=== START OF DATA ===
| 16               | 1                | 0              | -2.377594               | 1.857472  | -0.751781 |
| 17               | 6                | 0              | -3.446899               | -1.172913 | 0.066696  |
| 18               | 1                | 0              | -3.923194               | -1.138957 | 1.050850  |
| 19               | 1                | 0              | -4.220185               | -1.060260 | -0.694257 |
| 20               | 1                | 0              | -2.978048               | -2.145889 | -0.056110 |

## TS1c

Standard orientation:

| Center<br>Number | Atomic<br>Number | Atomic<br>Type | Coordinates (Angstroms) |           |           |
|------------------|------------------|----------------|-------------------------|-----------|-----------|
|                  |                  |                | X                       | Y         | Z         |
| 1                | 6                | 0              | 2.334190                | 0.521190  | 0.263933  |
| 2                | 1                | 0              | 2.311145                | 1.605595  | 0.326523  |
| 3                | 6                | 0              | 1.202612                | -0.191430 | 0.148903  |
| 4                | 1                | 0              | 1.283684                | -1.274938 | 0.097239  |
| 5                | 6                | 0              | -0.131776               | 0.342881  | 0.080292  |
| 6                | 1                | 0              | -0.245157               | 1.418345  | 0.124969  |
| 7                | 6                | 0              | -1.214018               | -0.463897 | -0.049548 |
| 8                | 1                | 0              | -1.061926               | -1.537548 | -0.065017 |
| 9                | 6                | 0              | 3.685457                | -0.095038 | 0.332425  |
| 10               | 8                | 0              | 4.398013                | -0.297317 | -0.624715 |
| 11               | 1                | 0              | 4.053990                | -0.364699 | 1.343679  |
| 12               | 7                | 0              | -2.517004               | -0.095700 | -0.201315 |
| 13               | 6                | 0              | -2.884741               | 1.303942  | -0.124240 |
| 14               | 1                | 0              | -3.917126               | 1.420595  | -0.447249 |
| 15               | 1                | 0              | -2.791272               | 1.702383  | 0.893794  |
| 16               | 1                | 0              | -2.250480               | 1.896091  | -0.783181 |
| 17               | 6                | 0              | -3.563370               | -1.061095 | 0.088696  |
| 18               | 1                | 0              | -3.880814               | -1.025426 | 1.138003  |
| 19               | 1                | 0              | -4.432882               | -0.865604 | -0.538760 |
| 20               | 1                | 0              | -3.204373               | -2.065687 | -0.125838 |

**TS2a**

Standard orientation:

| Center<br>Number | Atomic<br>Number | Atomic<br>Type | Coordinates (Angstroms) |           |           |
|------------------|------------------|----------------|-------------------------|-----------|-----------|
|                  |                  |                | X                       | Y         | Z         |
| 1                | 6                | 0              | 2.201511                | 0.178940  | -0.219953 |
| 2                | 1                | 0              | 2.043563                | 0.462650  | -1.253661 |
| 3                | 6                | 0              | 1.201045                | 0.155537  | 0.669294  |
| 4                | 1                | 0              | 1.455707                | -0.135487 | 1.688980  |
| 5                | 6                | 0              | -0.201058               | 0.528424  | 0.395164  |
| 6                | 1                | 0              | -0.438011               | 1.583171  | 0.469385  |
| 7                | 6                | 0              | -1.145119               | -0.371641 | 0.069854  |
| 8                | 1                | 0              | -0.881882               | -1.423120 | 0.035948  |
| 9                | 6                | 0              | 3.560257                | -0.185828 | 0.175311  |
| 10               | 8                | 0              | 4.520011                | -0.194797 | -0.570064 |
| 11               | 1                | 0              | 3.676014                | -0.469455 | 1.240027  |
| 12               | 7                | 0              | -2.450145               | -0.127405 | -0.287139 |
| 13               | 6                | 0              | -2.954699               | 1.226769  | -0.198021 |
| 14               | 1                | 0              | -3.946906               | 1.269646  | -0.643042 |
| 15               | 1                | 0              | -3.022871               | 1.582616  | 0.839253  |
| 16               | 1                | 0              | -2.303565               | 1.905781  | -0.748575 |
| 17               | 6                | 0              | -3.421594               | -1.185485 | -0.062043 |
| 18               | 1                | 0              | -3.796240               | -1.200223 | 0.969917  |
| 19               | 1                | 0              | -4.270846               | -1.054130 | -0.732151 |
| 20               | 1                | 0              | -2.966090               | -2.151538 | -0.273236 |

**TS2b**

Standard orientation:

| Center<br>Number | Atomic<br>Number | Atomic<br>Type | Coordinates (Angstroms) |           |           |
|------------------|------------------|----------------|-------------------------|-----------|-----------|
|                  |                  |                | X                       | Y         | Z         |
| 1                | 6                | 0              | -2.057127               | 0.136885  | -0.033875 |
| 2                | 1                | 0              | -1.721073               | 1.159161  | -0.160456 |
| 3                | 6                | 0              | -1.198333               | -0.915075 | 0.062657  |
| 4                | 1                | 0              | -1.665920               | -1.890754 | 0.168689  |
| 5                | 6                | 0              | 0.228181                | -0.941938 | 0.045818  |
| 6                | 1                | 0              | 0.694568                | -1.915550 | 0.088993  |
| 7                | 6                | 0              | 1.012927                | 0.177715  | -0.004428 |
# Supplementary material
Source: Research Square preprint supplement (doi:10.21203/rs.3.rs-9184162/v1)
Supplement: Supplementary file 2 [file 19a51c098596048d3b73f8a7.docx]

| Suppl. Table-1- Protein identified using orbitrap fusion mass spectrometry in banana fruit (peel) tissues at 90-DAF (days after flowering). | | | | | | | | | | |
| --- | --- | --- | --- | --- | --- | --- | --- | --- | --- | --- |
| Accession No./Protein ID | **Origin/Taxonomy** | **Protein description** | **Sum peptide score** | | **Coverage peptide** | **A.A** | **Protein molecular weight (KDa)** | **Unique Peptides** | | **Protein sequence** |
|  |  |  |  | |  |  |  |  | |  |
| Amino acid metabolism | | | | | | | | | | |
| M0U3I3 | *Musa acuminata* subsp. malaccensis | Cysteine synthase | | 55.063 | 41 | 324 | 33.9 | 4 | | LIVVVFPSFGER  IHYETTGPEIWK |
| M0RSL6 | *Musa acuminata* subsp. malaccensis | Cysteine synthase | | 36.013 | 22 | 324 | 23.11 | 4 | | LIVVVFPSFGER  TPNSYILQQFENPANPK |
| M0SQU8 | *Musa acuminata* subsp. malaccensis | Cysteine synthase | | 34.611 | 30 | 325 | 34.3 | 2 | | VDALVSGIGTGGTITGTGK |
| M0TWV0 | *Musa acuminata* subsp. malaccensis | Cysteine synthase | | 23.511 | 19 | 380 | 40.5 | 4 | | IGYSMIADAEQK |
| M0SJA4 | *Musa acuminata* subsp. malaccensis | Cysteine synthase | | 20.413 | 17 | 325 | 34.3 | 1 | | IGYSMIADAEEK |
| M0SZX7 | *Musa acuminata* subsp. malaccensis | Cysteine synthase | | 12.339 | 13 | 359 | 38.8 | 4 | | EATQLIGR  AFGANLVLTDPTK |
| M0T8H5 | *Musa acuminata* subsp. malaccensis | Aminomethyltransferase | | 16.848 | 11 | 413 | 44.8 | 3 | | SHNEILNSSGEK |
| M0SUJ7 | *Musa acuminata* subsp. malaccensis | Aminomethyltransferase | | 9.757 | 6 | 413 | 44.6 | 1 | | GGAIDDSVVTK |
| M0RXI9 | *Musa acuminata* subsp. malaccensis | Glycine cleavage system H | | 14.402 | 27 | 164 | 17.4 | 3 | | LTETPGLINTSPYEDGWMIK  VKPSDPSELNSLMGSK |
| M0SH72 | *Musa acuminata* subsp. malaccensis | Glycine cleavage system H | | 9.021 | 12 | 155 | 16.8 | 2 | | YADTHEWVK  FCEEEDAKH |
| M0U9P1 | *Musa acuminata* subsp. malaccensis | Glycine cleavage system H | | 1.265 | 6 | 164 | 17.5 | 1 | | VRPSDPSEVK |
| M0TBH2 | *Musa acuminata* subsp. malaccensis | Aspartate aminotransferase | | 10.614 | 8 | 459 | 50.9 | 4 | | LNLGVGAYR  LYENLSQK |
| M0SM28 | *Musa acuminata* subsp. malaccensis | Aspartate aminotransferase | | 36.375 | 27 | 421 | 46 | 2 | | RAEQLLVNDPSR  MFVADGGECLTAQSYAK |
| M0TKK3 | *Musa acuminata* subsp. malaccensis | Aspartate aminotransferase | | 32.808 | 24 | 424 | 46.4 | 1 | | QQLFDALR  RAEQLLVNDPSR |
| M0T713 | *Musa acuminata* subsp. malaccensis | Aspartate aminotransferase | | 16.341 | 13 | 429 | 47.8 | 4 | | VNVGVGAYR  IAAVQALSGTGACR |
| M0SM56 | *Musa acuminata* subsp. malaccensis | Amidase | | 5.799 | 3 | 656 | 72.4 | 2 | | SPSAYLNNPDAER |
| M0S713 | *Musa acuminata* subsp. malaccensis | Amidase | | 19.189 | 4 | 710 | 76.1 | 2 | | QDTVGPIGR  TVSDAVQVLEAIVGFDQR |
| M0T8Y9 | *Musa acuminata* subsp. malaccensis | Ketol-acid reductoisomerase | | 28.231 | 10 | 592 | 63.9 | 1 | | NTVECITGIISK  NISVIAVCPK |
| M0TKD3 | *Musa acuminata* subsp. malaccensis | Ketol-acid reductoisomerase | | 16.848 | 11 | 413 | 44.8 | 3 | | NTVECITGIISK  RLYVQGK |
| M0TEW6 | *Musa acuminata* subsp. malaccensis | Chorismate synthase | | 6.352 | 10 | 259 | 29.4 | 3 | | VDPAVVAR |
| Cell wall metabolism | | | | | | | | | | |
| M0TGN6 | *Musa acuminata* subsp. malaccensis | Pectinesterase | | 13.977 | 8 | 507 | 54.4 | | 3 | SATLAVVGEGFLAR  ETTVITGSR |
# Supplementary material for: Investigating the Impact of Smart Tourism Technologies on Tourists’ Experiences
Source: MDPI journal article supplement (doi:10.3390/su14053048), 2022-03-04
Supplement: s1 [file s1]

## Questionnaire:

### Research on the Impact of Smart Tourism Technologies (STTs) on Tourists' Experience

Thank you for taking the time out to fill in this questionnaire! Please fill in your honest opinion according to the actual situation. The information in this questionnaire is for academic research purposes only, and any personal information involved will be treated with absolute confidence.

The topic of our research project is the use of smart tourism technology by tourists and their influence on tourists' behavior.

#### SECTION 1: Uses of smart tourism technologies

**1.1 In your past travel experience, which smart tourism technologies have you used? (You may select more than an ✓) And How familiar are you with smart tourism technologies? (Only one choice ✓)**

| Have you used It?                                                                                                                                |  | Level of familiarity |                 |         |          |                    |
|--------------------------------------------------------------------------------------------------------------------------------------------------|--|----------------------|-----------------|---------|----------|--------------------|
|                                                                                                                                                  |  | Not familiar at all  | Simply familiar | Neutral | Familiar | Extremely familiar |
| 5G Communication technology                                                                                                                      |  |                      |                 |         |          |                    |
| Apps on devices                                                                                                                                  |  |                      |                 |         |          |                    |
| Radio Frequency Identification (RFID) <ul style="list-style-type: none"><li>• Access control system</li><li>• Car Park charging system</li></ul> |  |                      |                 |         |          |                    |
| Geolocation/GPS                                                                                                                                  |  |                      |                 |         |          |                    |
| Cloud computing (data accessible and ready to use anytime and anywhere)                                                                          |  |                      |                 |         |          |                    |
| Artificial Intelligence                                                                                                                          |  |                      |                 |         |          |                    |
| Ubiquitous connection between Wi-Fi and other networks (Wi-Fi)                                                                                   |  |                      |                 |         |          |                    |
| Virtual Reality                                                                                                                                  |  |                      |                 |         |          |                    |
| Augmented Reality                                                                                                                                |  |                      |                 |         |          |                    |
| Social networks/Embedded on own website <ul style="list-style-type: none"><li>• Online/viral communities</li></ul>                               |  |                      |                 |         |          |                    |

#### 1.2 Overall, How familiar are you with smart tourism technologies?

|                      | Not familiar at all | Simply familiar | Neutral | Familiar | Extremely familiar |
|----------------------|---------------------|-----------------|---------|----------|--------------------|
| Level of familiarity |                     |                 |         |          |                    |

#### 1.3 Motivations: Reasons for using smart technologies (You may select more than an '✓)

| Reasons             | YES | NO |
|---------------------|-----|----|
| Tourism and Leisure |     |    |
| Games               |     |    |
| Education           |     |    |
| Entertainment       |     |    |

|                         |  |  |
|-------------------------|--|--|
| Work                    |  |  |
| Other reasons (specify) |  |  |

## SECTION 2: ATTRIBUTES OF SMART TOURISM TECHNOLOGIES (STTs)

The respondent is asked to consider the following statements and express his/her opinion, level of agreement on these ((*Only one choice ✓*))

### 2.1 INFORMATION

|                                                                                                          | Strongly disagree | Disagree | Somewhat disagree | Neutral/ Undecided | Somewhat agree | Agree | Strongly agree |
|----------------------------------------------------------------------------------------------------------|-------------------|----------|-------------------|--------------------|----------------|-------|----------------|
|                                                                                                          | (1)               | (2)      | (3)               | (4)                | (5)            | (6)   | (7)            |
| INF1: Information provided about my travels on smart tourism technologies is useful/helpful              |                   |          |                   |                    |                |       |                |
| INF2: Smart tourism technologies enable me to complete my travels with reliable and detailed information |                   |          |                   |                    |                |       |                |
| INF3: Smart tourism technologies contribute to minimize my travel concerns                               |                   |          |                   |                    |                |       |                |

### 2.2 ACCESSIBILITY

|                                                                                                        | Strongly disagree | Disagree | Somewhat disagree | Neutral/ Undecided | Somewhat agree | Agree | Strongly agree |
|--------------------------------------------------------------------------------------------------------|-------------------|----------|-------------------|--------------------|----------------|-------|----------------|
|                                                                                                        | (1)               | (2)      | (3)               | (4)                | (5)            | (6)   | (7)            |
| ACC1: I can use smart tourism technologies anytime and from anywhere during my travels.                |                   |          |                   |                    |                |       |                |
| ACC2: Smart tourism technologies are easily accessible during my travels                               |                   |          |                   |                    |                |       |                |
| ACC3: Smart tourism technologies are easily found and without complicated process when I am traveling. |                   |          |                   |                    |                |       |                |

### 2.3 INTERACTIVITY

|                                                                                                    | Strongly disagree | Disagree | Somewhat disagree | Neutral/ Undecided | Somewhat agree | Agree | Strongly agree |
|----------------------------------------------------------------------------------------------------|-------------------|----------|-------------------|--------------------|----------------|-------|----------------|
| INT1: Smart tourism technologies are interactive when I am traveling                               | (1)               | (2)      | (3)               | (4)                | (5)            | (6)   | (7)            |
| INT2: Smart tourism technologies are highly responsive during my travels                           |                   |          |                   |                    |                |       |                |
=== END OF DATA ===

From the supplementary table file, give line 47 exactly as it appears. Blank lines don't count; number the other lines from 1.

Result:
| 12               | 7                | 0              | -2.450145               | -0.127405 | -0.287139 |